Lauric Acid is about half of Coconut Oil and the most abundant naturally occurring source of Lauric Acid on Earth.

Lauric ACID is half the coconut oil

Once consumed, our body changes Lauric Acid to Monolaurin, a monoglyceride that actually demonstrates anti-viral, anti-bacterial, & anti-fungal properties, in fact stopping them cold (by disrupting their lipid membranes but TMI …). Sounds like a magic bullet.

Hmmm, where else do we find monolaurin? Mother’s Milk … which protects babies as their immune system boots up.

This fact has led to a tsunami of health claims associated with Coconut Oil.

To be fair a lot of them are true, though some sound … well … insane.

One thing that is true is the fact that Lauric Acid and monolaurin is at the center of a lot of research right now, for everything from HIV to athlete’s foot. It is interesting to note that the amount of lauric acid consumed in North America has been going down since the 1950’s, which automatically means that you have less monolaurin in your system.

Your buddy that “loves” coconut may indirectly be getting healthier than you “accidentally” in the same way that people in Britain in the 1850’s avoided Goitre “accidentally” by eating seafood and getting enough Iodine for good health. Goitre is a thyroid gland problem linked to a deficiency in Iodine and – incidentally – the reason modern regular table salts from mines are iodized.

Back to Coconut Oil … so how much do you need? According to various sources Coconut Oil is the best source of Lauric Acid, with about 7 grams per tablespoon. The health benefit to skin and hair is so well-documented that adding some coconut oil to your diet is a no-brainer. Even a tablespoon of grated coconut gives 2 grams. There is no RDA (Recommended Daily Allowance) for Lauric acid but experts seem to settle on three tablespoons a day.

Even without becoming OCD about the exact dosage, it is pretty clear there is a health benefit associated with Coconut Oil for humans.

Deconstructing the Enzyme Myth:

Now for the crazy claims: enzymes. I could not believe it when I started reading all the craziness about how virgin coconut oil has “more enzymes”. Remember that Coconut Oil is a fat. What happens when you mix any fat with enzymes? It gets rancid … quickly.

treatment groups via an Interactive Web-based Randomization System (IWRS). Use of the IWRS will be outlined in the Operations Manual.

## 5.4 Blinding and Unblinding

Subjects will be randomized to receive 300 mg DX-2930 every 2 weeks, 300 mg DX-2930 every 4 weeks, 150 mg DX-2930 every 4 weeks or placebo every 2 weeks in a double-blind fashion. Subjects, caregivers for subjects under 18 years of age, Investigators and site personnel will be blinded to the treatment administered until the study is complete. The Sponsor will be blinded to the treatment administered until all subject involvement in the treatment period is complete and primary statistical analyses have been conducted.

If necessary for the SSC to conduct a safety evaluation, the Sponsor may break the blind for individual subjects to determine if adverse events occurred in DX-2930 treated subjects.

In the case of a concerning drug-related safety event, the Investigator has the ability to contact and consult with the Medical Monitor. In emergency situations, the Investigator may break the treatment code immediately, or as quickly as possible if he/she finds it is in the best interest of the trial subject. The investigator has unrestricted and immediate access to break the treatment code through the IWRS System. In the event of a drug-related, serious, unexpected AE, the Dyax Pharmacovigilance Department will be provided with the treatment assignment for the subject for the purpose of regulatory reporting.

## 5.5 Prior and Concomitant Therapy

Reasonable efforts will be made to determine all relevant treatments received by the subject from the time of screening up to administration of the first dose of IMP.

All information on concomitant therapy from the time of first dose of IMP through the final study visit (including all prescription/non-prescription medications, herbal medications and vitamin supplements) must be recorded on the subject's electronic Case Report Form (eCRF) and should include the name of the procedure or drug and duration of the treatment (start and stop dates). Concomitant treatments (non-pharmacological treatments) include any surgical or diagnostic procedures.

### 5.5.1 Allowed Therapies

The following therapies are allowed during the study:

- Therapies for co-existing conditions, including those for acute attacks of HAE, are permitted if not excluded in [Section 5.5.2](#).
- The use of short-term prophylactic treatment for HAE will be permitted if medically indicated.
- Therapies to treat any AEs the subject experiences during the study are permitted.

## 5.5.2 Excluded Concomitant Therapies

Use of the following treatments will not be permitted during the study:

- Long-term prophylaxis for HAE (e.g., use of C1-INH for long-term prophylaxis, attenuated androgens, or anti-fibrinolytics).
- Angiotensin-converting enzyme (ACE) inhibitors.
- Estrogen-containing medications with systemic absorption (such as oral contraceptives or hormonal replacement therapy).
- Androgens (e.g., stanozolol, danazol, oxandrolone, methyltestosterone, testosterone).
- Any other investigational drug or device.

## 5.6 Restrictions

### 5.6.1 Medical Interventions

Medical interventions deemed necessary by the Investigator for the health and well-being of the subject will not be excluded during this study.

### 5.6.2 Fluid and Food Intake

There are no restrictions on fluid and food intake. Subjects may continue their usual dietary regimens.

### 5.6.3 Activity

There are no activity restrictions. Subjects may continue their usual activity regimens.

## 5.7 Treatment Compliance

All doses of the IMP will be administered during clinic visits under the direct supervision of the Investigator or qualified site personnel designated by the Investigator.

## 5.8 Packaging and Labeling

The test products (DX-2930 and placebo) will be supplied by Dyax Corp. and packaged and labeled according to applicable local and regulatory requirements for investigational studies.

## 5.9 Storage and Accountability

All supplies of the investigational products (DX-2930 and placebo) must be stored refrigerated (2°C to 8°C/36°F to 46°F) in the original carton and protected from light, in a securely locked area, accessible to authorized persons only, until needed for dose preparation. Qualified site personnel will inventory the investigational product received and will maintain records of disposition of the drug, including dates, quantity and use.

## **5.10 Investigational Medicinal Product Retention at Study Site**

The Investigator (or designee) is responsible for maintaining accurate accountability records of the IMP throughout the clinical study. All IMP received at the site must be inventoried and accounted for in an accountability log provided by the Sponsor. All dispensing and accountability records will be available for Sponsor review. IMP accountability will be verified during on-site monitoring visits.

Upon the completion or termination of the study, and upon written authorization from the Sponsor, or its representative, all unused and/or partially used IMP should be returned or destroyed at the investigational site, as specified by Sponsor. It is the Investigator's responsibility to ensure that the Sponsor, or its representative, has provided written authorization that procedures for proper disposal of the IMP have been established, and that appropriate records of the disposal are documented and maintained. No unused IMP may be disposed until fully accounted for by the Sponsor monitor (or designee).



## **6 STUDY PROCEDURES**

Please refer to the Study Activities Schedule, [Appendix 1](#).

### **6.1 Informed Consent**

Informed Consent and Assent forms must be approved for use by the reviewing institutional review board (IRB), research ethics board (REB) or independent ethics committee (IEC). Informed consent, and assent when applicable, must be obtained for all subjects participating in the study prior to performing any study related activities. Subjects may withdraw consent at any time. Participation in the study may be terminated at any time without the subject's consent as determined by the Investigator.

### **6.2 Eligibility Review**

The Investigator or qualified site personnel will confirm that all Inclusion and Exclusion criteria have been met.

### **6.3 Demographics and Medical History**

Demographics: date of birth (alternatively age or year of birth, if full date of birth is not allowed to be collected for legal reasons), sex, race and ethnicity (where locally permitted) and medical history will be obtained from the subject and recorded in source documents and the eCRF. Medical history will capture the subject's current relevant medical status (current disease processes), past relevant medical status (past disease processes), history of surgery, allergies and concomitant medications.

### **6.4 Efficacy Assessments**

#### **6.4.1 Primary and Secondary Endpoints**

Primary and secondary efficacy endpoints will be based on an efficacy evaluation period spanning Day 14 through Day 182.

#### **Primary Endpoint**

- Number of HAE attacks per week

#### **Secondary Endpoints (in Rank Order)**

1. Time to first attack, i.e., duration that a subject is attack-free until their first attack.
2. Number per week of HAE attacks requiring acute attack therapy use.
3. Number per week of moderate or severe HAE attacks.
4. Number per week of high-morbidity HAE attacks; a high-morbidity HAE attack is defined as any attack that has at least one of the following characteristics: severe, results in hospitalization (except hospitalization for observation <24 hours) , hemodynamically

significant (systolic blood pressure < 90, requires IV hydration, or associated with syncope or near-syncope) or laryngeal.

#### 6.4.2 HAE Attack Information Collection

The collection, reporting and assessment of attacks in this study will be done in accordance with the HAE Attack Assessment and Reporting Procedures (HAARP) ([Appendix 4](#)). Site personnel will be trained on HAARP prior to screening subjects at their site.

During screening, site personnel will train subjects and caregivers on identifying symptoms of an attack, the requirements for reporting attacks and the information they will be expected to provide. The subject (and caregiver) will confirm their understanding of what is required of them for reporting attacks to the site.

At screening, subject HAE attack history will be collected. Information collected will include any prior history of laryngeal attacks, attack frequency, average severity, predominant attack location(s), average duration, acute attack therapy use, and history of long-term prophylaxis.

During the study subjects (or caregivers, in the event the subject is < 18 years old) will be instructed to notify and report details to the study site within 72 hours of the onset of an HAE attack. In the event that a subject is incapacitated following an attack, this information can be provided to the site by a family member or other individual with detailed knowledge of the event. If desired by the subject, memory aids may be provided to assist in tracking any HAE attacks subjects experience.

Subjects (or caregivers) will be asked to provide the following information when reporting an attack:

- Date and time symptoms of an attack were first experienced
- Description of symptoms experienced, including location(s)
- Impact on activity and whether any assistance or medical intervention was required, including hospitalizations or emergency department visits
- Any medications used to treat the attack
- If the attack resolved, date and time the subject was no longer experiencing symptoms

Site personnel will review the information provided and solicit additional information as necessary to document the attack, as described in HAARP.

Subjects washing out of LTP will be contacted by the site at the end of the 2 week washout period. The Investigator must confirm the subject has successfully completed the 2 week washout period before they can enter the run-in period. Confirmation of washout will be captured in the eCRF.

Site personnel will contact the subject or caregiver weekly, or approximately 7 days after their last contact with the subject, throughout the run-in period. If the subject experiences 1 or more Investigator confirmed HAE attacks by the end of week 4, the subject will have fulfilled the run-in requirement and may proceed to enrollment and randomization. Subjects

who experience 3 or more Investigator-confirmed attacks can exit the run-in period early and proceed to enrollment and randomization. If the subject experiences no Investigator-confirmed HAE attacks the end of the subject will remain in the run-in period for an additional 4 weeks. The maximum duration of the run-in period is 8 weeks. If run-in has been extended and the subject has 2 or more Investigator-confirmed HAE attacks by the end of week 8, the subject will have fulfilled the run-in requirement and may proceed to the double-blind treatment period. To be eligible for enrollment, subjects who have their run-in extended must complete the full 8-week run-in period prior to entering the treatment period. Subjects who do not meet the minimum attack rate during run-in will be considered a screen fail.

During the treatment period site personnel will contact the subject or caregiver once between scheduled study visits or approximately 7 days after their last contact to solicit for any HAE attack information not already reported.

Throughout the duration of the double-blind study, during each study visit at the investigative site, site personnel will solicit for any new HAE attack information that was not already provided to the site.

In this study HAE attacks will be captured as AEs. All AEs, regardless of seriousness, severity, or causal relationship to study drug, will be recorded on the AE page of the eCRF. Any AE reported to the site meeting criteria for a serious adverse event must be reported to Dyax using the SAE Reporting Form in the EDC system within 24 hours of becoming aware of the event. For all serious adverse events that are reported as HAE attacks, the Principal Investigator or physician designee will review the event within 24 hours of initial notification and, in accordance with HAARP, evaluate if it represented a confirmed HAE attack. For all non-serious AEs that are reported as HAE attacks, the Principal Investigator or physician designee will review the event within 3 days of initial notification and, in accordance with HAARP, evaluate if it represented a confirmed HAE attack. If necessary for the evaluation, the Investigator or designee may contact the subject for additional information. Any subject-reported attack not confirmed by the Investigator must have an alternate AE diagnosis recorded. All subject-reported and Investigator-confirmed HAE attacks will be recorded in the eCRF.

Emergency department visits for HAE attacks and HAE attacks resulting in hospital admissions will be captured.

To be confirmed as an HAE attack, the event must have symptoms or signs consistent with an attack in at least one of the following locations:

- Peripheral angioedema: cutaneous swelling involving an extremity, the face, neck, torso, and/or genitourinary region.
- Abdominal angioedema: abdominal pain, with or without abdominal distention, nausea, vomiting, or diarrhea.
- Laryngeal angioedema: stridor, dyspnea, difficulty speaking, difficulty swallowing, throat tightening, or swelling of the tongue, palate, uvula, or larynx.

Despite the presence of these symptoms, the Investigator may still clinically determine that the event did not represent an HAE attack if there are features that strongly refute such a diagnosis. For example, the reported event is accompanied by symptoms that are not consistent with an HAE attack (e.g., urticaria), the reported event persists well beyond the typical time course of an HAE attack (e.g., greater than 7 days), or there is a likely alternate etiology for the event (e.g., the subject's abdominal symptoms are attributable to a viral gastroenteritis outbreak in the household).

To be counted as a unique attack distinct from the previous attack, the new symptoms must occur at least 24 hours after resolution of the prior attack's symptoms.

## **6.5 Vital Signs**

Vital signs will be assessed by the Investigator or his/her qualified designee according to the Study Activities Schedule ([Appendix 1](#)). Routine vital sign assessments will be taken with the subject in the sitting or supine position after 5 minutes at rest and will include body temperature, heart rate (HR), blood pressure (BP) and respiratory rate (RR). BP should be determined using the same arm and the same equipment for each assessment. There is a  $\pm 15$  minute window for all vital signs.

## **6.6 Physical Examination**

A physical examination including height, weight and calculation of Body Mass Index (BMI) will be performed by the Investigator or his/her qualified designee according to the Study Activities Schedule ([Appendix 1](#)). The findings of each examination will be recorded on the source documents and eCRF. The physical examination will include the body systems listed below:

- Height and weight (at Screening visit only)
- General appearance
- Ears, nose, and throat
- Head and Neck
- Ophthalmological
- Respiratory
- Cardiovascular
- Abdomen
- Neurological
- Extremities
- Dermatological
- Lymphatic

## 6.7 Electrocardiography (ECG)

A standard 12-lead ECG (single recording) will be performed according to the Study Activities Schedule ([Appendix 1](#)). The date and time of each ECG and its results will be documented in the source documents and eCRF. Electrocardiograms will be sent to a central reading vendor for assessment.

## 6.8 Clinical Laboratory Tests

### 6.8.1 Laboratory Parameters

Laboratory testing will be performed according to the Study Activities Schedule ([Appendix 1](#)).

Coconut Oil is incredibly stable, hence the desirability of using it in food to extend shelf life of a product.

So enzymes? No.

Some Practical Uses of Coconut Oil:

There is no shortage of long articles on the web detailing the benefits of Coconut Oil, including this one with 101 uses for Coconut Oil but some of them are a little “out there“.

Here is my list of the top 10 that are … ahem … a little more practical.

  • Coconut Oil is an excellent alternative coffee creamer.

  • Skin lotion (it slowly lightens age spots)

  • A natural sunscreen (it clocks in at SPF 4 so it is pretty light protection)
  • Excellent natural chapstick replacement for any skiers out there.
  • Soothes skin irritations including eczema and psoriasis.
  • Safe and stable cooking oil.
  • Mix Coconut Oil with apple cider vinegar for treatment of lice.
  • Regular consumption in small quantities beneficial to general health improvement.
  • Used orally to improve gum health.
  • Coconut Oil for your hair is a winning idea … which is why it is a commonly used ingredient in shampoos.

So do the stories about the miraculous properties of Coconut Oil ever stop? Not really. It is a very stable oil, so people use it to try and solve problems. When those solutions work, word spreads like wildfire. Take point number seven above, that mixing coconut oil with apple cider vinegar is a successful treatment for lice. I was skeptical but once you dig deep, you start hitting scientific studies. This one from 2010 uses Coconut Oil and Anise to eliminate lice population in hair.

Not miraculous enough?

Let’s look at the claim that Coconut Oil can remineralize teeth. Putting aside the fanciful stories of coconut-eating Islanders with perfect teeth, I started looking into this but quickly got bogged down in hundreds of documents, studies, opinions, and people who swear coconut oil works. Most importantly, a solid scientific consensus exists stating clearly that diet is fundamental to good oral health, including remineralizing teeth.

The bottom line: Coconut Oil has a positive impact on dental health as part of a dietary improvement.

So what about Coconut Oil lowering Cholesterol naturally?

Well, this is one of the oldest health claims for Coconut Oil (among 50 others) and basically has been proven accurate. A LOT of scientific work has been done on this going back to 1957. Without turning this Blog post into a 500-page book, the cholesterol-lowing reputation of Coconut Oil seems to come from the fact it stimulates your thyroid, which converts excess cholesterol into the useful building blocks used by the body to repair itself.

Weight loss? Farmers tried feeding cheap coconut oil to farm animals in the 1940’s but discovered that their animals became lean and hungry, with lots of energy. Thin animals were not the desired outcome for livestock, so eventually they switched to soy and corn. The result was fat and lazy cattle.

This would be a fun story except for the fact that the western diet is having much the same effect on people. So does Coconut Oil reverse the trend? Looks like it does and a small, regular dose of raw, virgin coconut oil makes the body more efficient and tends to optimize weight. The science looks sound.

A bright Future:

What puzzled me is why a product with such obvious health benefits would be basically marginalized in today’s society? It turns out that the industrial grain oil lobby that drummed coconut oil out of the “approved diet” is hard at work trying to make sure it does not return.

As evidence mounts in favour of this amazing food ingredient, expect it to get more popular.

More importantly, as common sense replaces the lemming-like rush towards profits at the expense of good health, coconut oil will shine.

About Yves Farges (QFG)